From DSC:
On one hand:

Next-gen supercomputers are fast-tracking treatments for the coronavirus in a race against time  — from cnbc.com by Charlie Wood

Key points:

  • Scientists are using IBM’s Summit, the world’s fastest supercomputer, to help find promising candidate drugs to fight the coronavirus epidemic.
  • Using the computer’s muscle, researchers digitally simulated how 8,000 different molecules would interact with the virus.
  • The project was able to identify 77 candidate molecules that other researchers can now test in trials.
  • Supercomputing is also being used to tackle other major global issues, such as climate change.

On the other hand:

AI could help with the next pandemic—but not with this one — from technologyreview.comby Will Douglas Heaven
Some things need to change if we want AI to be useful next time, and you might not like them.

“The hype outstrips the reality. In fact, the narrative that has appeared in many news reports & breathless press releases—that AI is a powerful new weapon against diseases—is only partly true & risks becoming counterproductive.”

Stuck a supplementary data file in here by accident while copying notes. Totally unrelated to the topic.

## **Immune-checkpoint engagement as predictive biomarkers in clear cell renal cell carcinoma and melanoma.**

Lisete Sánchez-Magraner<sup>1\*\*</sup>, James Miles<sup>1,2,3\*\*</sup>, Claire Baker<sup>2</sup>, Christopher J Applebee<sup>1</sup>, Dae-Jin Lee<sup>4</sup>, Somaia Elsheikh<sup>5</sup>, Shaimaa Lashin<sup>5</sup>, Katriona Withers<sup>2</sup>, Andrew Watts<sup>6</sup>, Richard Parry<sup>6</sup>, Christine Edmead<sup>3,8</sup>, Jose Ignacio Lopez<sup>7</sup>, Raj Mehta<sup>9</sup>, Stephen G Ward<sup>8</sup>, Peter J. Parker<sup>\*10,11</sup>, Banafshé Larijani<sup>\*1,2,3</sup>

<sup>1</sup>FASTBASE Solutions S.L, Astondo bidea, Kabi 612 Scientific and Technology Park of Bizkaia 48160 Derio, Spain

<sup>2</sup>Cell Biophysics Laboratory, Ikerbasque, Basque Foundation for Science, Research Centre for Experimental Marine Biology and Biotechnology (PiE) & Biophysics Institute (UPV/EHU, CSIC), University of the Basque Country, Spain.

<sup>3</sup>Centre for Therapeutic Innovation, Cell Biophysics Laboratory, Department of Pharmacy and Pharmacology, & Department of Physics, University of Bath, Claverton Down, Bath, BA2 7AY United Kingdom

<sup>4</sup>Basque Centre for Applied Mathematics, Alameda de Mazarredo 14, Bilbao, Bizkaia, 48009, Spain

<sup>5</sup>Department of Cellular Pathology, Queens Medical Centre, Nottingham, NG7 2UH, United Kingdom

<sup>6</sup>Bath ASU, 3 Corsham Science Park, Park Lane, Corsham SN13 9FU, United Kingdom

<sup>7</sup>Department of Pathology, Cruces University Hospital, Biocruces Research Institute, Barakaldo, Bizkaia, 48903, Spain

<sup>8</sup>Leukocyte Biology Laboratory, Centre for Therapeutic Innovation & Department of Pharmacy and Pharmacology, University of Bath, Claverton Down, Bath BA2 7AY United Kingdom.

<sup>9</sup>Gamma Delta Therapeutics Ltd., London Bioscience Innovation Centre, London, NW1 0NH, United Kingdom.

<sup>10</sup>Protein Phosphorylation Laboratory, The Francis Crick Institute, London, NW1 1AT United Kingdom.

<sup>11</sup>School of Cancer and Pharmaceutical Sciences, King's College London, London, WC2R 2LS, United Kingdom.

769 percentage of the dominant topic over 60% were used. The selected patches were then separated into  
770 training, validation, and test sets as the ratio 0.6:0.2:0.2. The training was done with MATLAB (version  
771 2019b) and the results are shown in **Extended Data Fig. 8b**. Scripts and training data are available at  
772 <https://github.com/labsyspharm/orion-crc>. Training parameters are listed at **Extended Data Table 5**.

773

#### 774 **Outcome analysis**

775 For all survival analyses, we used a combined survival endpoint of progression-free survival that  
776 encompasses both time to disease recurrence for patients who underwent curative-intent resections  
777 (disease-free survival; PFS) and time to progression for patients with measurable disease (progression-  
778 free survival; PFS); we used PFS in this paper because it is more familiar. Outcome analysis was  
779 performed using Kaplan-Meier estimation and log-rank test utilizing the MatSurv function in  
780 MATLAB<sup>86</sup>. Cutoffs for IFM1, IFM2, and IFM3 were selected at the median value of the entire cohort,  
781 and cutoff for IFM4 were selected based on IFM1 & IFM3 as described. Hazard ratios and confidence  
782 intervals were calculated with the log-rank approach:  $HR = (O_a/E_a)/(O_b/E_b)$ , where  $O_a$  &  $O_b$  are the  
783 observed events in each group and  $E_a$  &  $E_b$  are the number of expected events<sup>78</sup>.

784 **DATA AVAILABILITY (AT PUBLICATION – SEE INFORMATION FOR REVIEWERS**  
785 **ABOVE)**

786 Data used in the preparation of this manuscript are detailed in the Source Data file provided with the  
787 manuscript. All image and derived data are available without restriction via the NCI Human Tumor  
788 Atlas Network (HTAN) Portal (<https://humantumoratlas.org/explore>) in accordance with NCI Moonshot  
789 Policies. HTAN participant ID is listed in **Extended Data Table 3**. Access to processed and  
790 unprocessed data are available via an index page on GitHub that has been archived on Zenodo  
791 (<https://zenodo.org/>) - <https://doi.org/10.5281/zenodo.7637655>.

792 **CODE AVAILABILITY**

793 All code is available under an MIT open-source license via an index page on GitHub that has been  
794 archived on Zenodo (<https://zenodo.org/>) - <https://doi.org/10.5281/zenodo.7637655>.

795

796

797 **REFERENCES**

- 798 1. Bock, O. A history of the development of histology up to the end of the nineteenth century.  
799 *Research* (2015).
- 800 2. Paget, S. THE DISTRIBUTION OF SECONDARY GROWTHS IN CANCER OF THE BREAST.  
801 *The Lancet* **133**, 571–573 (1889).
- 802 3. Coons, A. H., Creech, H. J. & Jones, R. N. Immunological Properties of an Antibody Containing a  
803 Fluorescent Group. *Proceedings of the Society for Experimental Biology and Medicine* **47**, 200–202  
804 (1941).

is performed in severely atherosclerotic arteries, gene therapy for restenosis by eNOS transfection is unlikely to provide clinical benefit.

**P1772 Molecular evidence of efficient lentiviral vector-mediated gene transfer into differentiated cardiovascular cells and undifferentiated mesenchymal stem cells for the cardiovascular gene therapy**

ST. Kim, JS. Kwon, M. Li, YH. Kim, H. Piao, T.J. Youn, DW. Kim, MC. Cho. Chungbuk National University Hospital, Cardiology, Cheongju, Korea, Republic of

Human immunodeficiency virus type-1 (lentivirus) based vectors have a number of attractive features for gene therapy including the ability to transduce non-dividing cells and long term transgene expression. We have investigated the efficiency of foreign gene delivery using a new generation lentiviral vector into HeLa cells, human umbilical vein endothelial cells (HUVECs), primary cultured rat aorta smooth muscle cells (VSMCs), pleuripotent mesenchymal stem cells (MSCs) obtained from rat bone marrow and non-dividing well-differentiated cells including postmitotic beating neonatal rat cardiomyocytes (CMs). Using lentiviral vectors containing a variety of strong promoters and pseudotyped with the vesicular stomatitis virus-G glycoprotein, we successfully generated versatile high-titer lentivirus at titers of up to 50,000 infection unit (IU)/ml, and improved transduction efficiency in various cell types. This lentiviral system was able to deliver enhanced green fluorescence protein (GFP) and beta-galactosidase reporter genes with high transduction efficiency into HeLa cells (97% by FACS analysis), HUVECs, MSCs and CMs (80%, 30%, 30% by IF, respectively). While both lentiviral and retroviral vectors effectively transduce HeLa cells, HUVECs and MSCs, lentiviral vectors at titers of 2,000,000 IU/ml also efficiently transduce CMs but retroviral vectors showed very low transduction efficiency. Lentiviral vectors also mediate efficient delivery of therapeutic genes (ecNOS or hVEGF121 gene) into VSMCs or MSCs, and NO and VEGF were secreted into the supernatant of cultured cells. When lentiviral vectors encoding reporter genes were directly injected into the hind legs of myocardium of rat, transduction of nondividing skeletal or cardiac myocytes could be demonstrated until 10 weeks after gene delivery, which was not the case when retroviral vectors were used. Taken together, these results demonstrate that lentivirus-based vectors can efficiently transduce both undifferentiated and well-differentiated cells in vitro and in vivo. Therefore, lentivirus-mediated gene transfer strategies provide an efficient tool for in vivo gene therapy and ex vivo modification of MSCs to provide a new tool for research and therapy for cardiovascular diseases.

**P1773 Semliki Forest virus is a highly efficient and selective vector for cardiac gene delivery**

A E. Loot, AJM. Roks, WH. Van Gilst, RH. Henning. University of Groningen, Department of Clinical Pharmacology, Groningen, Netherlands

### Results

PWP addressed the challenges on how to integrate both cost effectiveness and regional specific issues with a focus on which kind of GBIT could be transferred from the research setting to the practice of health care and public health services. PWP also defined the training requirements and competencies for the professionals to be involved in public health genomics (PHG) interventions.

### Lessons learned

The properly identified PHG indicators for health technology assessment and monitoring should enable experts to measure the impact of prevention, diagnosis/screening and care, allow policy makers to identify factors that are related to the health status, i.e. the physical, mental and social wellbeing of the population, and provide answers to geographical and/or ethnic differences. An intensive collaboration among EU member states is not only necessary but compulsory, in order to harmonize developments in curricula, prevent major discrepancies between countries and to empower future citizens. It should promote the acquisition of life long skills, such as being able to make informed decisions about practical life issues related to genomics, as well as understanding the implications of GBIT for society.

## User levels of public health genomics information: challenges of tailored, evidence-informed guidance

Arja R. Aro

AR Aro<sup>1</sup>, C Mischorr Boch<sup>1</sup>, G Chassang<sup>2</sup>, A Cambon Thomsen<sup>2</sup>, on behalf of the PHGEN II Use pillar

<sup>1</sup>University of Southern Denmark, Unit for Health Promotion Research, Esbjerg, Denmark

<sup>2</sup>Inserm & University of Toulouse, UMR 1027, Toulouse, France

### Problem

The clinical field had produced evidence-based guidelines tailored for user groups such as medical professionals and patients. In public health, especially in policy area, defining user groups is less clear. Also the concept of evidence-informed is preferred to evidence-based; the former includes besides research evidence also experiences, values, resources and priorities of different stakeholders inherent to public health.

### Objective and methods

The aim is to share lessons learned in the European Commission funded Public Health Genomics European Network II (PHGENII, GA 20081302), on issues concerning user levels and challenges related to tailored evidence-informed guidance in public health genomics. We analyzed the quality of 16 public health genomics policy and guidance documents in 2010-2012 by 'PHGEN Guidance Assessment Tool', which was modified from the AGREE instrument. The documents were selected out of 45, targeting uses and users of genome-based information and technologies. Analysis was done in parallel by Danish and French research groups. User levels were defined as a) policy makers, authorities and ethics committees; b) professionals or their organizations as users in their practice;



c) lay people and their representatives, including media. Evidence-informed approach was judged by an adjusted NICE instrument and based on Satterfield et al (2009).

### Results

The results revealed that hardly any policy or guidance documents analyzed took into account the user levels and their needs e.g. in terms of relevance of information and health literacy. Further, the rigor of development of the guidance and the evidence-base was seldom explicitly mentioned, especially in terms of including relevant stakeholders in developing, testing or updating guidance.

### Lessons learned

Six quick— but very important— points about Coronavirus and poverty in the US –– from commondreams.org by Bill Quigley; with thanks to a colleague at WMU-Cooley Law School for her message on this.
The most vulnerable among us simply do not have the same options as the most privileged.

Excerpts:

In the United States, tens of millions of people are at a much greater risk of getting sick from the coronavirus than others.  The most vulnerable among us do not have the option to comply with suggestions to stay home from work or work remotely. Most low wage workers do not have any paid sick days and cannot do their work from home.  The over two million people in jails and prisons each night do not have these options nor do the half a million homeless people.

One.  Thirty-four million workers do not have a single day of paid sick leave. Even though most of the developed world gives its workers paid sick leave there is no federal law requiring it for workers.

Two.  Low wage workers and people without a paid sick day have to continue to work to survive.

Three.  About 30 million people in the US do not have health insurance, according to the Kaiser Family Foundation.

Four.  Staying home is not an option for the homeless.

Five.  Nearly 2.2 million people are in jails and prisons every day, the highest rate in the world.

Six.  Solutions?  [The article lists several.]

 

Johns Hopkins dashboard maps global coronavirus cases — from campustechnology.com by Rhea Kelly

Excerpt: